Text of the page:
AI as Reliable as Humans for Flagging Problematic Content
Category Neuroscience Monday - April 24 2023, 12:54 UTC - 10 months ago Penn State researchers have conducted a study to determine if social media users would trust Artificial Intelligence as much as humans to flag hate speech and harmful content. The study found that people tend to trust AI more when they are reminded of the accuracy and objectivity of machines. If people are made aware of the machines inability to make subjective decisions, their trust in AI is lower. The study proposed combining people and AI to build a trusted moderation system with transparency to rebuild trust in AI.
Monday - April 24 2023, 12:54 UTC - 10 months ago
Penn State researchers have conducted a study to determine if social media users would trust Artificial Intelligence as much as humans to flag hate speech and harmful content. The study found that people tend to trust AI more when they are reminded of the accuracy and objectivity of machines. If people are made aware of the machines inability to make subjective decisions, their trust in AI is lower. The study proposed combining people and AI to build a trusted moderation system with transparency to rebuild trust in AI.
Social media users may trust artificial intelligence (AI) as much as human editors to flag hate speech and harmful content, according to researchers at Penn State. The researchers said that when users think about positive attributes of machines, like their accuracy and objectivity, they show more faith in AI. However, if users are reminded about the inability of machines to make subjective decisions, their trust is lower .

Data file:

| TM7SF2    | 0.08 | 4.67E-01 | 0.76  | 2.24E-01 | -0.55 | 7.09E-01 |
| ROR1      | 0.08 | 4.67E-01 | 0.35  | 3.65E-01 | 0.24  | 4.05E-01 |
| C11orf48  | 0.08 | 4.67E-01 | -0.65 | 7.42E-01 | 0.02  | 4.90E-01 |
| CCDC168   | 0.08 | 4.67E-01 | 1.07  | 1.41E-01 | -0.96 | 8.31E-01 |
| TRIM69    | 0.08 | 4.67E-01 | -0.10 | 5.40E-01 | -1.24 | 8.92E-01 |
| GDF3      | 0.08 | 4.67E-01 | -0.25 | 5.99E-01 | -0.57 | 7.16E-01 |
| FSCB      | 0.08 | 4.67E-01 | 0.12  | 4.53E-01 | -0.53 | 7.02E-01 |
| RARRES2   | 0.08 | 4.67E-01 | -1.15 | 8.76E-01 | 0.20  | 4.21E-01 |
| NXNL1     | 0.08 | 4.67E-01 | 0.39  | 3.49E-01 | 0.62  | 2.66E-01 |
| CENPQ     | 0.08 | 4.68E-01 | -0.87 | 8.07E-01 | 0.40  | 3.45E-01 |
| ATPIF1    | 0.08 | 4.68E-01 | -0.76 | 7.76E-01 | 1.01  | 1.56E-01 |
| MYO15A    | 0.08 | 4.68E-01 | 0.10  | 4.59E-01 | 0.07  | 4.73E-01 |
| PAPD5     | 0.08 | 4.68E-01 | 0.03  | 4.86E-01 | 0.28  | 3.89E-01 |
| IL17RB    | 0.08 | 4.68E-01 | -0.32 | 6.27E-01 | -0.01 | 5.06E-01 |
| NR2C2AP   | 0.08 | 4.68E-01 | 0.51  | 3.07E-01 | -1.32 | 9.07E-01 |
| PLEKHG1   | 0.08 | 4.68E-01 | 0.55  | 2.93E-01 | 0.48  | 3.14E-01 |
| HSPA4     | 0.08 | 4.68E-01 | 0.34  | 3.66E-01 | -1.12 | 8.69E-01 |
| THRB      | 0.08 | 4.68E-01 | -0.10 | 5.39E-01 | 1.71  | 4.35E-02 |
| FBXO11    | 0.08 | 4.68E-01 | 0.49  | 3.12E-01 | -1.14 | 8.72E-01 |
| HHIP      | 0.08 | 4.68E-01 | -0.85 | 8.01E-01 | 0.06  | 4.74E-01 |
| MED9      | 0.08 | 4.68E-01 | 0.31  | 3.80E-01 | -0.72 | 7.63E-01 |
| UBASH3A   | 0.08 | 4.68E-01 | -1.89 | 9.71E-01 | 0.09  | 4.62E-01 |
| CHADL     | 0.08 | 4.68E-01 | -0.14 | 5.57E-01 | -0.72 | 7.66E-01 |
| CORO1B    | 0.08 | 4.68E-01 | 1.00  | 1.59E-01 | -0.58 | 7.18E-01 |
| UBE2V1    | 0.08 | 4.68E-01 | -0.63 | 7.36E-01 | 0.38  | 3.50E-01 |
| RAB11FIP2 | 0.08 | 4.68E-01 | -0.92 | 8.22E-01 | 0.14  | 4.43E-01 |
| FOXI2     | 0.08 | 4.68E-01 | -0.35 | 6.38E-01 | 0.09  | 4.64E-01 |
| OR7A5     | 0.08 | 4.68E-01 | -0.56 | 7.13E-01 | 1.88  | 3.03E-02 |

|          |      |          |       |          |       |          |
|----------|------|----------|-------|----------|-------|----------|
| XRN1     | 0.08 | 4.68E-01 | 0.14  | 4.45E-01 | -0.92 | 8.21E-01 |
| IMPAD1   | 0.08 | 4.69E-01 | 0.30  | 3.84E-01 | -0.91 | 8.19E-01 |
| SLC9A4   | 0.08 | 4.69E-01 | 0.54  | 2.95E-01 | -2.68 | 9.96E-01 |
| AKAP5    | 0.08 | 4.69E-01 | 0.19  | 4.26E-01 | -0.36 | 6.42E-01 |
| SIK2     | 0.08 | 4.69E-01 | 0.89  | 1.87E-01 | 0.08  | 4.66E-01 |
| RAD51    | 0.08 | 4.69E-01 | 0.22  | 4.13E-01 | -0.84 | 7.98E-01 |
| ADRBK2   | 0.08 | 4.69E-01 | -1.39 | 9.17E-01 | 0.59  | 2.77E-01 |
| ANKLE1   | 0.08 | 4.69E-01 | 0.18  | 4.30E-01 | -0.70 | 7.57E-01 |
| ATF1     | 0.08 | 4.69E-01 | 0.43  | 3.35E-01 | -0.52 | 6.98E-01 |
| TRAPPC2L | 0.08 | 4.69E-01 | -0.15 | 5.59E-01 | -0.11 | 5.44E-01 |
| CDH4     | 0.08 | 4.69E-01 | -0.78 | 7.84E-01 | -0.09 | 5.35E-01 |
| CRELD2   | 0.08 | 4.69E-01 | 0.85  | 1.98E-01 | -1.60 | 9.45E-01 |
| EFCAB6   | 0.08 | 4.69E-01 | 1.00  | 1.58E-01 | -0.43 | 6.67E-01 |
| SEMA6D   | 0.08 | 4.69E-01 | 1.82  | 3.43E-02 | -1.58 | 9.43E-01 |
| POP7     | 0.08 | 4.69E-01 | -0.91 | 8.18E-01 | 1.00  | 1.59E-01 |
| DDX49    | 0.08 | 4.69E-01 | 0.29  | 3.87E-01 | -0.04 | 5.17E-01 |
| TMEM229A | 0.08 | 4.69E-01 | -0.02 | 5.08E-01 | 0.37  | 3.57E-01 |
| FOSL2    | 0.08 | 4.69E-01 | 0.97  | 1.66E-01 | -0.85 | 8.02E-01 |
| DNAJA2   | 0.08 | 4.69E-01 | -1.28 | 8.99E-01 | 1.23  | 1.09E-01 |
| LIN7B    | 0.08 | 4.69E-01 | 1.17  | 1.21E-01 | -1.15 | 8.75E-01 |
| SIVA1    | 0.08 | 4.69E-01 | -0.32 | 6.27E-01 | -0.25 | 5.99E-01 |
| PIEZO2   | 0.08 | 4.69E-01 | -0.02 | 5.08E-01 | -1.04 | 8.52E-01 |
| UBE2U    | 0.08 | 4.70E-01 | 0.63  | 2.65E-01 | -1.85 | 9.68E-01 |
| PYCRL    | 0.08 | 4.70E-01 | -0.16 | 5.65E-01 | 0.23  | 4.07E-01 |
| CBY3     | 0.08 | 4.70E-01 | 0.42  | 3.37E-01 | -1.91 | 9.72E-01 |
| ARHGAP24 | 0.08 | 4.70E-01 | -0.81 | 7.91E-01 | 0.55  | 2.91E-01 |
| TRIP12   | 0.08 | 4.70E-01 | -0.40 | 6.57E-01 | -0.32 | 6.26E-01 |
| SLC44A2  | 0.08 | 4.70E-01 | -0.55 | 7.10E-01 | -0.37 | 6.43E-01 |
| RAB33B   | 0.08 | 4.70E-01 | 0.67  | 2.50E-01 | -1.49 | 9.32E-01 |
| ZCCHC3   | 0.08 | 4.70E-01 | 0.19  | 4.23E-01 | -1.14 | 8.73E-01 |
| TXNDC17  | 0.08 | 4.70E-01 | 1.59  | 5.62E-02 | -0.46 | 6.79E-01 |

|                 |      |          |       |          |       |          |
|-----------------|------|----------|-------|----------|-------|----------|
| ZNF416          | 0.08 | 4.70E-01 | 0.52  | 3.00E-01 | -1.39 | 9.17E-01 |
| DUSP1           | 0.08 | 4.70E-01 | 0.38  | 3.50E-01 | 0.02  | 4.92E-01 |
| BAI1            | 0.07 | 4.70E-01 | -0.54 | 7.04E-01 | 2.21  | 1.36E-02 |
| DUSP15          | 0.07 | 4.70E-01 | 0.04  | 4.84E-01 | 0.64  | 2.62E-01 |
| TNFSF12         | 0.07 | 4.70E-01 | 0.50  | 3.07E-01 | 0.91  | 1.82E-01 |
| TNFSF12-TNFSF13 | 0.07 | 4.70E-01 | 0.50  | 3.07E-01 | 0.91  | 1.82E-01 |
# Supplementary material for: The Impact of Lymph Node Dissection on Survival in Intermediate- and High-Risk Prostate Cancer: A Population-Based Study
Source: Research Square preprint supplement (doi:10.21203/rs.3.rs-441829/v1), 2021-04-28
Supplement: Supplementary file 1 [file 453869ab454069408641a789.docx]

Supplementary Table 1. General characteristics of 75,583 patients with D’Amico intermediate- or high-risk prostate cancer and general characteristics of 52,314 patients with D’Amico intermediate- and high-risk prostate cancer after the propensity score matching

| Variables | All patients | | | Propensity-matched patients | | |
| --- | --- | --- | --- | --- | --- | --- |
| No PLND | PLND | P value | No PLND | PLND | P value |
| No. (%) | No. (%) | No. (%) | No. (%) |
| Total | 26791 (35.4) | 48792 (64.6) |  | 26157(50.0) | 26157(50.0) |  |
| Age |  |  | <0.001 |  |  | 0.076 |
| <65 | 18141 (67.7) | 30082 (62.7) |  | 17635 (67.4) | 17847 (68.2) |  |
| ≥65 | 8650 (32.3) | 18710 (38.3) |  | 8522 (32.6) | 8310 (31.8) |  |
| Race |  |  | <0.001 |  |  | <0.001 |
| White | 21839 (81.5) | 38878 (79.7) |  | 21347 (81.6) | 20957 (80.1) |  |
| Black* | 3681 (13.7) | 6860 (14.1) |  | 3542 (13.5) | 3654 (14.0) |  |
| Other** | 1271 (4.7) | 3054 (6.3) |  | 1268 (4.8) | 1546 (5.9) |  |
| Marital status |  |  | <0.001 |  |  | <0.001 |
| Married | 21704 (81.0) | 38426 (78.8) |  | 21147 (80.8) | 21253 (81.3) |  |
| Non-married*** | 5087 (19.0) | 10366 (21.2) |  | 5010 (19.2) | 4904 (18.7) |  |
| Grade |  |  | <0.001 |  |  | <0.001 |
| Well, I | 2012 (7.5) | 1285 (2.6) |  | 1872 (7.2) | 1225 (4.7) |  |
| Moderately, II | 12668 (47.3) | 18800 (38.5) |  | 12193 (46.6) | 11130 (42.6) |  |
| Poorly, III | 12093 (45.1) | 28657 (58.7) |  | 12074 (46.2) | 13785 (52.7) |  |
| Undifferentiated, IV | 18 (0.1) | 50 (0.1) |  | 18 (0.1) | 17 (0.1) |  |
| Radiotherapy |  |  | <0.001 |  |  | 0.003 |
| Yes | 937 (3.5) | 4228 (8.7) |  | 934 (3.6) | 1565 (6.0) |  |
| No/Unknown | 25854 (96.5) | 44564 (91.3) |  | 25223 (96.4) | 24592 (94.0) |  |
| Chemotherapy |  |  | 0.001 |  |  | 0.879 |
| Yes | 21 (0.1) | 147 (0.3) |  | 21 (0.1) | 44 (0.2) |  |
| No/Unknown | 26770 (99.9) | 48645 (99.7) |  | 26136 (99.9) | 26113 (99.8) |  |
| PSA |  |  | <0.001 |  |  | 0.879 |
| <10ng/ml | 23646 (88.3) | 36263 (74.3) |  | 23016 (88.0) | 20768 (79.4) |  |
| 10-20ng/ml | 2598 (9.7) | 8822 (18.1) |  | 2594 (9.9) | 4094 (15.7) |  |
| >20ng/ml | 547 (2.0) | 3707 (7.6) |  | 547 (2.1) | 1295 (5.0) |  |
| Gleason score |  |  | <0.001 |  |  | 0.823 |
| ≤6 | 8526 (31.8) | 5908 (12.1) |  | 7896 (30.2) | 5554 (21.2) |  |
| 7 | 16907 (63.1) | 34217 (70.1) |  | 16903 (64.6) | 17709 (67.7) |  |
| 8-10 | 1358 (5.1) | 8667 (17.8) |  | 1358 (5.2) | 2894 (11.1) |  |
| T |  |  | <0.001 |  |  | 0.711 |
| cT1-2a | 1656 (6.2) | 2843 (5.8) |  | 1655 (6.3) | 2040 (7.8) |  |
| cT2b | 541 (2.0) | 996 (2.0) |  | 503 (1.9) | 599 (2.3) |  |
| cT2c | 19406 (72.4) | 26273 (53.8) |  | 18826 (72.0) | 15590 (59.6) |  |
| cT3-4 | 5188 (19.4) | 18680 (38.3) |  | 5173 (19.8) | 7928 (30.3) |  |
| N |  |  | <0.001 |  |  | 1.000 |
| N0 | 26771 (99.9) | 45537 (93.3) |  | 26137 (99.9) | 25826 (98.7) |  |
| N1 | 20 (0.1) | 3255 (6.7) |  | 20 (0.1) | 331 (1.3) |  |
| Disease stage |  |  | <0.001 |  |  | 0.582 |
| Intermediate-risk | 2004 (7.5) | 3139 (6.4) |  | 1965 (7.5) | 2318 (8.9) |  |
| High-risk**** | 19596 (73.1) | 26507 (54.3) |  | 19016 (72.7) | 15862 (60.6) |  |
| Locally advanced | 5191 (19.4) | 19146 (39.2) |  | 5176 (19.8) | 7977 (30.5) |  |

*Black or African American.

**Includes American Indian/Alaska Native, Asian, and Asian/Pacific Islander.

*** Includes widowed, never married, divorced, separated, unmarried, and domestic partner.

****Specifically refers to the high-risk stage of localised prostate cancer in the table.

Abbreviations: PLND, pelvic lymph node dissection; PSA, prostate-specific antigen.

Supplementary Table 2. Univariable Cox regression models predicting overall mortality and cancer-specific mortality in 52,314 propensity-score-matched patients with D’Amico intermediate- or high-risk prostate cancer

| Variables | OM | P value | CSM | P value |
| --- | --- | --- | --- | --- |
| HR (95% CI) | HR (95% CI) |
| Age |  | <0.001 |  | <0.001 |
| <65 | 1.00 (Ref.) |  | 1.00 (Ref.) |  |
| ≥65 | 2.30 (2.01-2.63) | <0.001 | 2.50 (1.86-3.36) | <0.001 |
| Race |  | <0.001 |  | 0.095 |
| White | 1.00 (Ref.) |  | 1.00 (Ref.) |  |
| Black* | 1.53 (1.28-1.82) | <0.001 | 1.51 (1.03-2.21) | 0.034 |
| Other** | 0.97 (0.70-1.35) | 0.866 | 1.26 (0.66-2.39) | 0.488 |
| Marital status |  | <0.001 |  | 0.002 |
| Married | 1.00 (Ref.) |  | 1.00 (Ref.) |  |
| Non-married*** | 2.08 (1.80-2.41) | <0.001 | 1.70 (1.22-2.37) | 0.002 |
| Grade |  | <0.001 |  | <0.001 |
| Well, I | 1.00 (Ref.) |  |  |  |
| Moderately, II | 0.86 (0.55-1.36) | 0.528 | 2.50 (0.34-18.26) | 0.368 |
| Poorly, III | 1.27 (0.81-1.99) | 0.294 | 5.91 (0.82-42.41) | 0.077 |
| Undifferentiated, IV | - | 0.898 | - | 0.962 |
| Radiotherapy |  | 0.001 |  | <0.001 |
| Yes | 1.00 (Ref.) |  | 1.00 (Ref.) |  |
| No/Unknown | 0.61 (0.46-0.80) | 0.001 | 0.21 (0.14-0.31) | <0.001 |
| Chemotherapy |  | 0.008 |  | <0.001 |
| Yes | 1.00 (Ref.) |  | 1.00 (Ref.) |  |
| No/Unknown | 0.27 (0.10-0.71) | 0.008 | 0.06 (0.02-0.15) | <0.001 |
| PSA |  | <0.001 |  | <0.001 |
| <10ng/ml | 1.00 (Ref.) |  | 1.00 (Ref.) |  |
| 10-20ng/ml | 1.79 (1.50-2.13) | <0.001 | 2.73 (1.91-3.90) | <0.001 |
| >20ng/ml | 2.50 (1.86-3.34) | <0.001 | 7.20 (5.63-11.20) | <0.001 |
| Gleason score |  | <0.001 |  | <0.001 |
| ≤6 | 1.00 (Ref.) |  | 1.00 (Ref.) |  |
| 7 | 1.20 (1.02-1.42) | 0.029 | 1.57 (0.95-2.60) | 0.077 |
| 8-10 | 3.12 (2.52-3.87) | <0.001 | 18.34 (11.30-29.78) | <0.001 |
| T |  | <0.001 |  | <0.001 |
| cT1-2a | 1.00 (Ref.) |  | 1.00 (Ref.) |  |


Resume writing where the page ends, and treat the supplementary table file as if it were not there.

The findings may help developers design better AI-powered content curation systems that can handle the large amounts of information currently being generated while avoiding the perception that the material has been censored, or inaccurately classified, said S. Shyam Sundar, James P. Jimirro Professor of Media Effects in the Donald P. Bellisario College of Communications and co-director of the Media Effects Research Laboratory .
"There's this dire need for content moderation on social media and more generally, online media," said Sundar, who is also an affiliate of Penn State's Institute for Computational and Data Sciences. "In traditional media, we have news editors who serve as gatekeepers. But online, the gates are so wide open, and gatekeeping is not necessarily feasible for humans to perform, especially with the volume of information being generated .
So, with the industry increasingly moving towards automated solutions, this study looks at the difference between human and automated content moderators, in terms of how people respond to them." Both human and AI editors have advantages and disadvantages. Humans tend to more accurately assess whether content is harmful, such as when it is racist or potentially could provoke self-harm, according to Maria D .